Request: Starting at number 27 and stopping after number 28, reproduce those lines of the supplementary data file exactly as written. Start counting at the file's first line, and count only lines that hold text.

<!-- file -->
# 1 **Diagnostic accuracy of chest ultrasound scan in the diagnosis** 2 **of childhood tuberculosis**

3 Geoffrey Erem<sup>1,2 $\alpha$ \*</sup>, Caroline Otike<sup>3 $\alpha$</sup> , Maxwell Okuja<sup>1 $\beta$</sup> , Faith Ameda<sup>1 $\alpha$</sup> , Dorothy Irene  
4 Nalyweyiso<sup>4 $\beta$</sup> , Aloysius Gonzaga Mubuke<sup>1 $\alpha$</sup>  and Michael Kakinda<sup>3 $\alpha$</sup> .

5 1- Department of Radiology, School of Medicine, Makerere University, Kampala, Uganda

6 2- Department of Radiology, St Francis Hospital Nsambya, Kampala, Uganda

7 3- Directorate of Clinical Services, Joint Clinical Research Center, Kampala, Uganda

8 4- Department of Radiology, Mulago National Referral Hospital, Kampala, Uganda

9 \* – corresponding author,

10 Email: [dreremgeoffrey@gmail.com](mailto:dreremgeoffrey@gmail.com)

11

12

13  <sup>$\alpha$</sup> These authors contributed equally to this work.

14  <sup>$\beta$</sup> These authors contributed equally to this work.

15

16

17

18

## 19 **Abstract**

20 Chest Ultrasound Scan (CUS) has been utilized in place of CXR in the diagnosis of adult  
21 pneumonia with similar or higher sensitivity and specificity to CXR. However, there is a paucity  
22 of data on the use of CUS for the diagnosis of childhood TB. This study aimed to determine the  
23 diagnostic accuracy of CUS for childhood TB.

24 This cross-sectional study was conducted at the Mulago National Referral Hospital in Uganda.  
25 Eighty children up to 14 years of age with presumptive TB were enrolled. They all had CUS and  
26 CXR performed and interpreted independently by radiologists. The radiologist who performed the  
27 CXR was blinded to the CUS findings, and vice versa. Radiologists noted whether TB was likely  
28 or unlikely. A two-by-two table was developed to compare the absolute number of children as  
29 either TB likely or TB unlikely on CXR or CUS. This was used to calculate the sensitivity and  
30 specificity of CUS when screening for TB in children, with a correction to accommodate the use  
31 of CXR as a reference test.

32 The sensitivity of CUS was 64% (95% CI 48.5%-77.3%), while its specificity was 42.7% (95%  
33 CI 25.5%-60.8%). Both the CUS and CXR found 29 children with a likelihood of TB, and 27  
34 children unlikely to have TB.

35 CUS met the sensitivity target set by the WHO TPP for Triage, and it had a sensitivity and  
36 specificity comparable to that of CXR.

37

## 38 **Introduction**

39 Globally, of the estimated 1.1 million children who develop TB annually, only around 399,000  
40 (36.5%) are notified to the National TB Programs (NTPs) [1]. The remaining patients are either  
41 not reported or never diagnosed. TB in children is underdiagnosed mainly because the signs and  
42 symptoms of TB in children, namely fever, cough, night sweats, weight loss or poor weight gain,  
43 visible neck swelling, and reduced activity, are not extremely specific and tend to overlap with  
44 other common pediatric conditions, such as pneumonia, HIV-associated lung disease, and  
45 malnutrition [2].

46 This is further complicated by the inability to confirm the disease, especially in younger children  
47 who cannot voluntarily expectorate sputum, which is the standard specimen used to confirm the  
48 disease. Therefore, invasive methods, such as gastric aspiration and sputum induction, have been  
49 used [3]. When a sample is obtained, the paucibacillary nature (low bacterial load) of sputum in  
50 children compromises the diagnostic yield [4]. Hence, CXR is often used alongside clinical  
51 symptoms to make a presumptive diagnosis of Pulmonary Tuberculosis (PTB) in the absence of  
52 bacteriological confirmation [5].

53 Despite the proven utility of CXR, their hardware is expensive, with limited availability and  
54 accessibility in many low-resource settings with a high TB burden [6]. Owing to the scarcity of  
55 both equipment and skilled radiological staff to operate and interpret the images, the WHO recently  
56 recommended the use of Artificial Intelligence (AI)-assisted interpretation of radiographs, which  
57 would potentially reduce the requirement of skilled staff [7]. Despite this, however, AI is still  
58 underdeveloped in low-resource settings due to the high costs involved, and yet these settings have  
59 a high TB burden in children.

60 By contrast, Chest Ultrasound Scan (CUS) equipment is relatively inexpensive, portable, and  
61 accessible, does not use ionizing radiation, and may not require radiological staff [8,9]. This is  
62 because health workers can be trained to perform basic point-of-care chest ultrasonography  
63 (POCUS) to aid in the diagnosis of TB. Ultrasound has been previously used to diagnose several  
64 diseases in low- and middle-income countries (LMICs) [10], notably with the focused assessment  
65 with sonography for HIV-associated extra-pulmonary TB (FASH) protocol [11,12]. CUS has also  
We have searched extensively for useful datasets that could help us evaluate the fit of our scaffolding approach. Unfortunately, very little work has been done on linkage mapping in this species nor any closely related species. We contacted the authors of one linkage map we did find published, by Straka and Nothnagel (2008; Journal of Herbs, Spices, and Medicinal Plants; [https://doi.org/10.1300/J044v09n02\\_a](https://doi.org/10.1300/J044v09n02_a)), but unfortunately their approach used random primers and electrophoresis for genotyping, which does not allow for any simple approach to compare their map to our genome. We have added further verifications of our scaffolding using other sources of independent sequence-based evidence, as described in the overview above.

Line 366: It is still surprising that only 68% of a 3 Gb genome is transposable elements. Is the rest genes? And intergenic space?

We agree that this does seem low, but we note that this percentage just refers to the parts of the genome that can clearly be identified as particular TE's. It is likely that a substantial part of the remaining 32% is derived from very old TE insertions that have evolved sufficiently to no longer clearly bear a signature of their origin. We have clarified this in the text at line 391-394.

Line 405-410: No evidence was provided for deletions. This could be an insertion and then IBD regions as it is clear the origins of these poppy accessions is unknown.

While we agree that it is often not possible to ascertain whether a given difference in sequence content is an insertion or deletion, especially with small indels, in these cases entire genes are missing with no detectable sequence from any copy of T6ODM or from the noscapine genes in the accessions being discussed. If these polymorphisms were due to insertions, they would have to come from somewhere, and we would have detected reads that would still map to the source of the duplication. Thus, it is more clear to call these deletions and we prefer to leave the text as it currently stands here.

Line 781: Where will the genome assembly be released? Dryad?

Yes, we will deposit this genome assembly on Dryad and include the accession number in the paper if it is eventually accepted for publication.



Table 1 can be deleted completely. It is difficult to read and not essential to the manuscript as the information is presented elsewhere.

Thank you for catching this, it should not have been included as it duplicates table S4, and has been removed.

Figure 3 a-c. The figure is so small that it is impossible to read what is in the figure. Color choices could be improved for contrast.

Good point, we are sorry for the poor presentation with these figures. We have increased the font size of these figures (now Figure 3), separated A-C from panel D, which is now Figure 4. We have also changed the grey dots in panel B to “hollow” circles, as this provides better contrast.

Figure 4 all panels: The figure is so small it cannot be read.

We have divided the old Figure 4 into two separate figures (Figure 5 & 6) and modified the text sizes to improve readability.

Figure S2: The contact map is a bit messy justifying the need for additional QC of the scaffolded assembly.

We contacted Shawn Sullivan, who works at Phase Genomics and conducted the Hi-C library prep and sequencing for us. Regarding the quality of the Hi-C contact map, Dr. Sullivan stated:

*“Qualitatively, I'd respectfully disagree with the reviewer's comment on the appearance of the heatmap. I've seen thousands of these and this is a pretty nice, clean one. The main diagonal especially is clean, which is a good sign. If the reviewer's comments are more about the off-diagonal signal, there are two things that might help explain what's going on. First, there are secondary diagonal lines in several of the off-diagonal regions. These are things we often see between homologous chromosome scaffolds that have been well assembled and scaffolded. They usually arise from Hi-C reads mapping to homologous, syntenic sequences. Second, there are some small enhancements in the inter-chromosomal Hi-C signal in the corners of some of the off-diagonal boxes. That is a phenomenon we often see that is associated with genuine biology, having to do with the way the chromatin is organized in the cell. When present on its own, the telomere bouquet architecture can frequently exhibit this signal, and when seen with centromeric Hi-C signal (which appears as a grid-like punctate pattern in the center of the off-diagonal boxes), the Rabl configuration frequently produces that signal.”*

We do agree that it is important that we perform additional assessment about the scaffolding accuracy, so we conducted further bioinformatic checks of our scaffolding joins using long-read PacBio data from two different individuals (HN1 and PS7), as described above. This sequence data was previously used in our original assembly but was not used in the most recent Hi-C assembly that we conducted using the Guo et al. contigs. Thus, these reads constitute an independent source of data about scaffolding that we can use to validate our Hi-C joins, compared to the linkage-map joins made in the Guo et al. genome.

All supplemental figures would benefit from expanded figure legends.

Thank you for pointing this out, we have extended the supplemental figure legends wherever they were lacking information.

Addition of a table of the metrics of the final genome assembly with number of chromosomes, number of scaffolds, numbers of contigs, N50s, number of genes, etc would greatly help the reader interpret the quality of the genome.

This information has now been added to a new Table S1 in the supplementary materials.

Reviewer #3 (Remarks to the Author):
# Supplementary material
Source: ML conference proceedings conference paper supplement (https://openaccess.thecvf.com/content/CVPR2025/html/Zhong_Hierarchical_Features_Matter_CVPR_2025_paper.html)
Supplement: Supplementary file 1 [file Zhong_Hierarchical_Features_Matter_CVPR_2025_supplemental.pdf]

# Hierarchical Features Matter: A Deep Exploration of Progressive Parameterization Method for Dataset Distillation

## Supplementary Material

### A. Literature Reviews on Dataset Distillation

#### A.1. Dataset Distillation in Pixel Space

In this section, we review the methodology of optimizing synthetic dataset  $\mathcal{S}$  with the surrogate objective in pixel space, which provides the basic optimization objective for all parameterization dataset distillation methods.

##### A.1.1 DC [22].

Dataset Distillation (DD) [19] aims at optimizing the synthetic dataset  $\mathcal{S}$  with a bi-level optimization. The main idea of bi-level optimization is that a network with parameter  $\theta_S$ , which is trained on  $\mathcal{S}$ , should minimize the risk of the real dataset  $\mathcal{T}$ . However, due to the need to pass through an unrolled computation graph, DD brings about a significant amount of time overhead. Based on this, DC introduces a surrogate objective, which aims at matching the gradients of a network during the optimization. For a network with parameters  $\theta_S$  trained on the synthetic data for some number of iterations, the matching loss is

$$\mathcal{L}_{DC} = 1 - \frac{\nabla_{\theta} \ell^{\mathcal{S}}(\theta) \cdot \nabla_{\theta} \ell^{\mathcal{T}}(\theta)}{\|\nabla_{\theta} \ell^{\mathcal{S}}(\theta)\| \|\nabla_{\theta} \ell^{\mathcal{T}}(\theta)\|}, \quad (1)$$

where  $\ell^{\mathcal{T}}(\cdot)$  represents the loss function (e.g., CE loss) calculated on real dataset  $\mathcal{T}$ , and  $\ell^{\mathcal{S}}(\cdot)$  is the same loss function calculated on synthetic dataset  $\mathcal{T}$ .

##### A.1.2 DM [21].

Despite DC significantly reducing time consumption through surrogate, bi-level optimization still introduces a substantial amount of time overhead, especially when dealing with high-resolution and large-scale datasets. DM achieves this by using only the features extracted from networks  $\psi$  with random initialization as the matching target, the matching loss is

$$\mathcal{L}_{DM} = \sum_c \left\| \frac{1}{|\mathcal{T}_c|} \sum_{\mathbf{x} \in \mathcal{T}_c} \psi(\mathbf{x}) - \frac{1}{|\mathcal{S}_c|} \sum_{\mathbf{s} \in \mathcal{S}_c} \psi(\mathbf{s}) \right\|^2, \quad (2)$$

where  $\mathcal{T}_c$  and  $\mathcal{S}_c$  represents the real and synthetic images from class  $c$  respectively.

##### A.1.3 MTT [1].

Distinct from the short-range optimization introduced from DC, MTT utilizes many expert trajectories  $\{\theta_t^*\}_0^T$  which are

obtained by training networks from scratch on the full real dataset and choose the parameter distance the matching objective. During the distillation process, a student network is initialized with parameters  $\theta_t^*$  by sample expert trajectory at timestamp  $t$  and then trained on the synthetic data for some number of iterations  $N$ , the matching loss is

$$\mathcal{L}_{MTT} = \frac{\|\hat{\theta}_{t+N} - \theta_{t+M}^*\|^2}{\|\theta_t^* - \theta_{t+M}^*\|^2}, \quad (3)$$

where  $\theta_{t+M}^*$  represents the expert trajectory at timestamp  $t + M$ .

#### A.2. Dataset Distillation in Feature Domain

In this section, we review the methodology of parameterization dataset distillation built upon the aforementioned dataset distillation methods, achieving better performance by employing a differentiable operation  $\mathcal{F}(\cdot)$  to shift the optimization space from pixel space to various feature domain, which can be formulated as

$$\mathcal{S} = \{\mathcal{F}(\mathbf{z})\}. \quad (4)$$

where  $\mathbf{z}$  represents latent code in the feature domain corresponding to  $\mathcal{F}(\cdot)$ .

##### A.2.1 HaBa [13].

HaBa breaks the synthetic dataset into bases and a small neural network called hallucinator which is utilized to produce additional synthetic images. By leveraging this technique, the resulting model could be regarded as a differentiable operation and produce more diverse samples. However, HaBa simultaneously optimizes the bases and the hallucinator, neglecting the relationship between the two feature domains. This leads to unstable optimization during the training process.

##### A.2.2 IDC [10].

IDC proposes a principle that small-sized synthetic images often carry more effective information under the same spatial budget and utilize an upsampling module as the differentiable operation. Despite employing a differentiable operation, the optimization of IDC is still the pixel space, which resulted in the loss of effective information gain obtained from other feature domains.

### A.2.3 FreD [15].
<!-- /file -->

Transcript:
28 or unlikely. A two-by-two table was developed to compare the absolute number of children as  
29 either TB likely or TB unlikely on CXR or CUS. This was used to calculate the sensitivity and  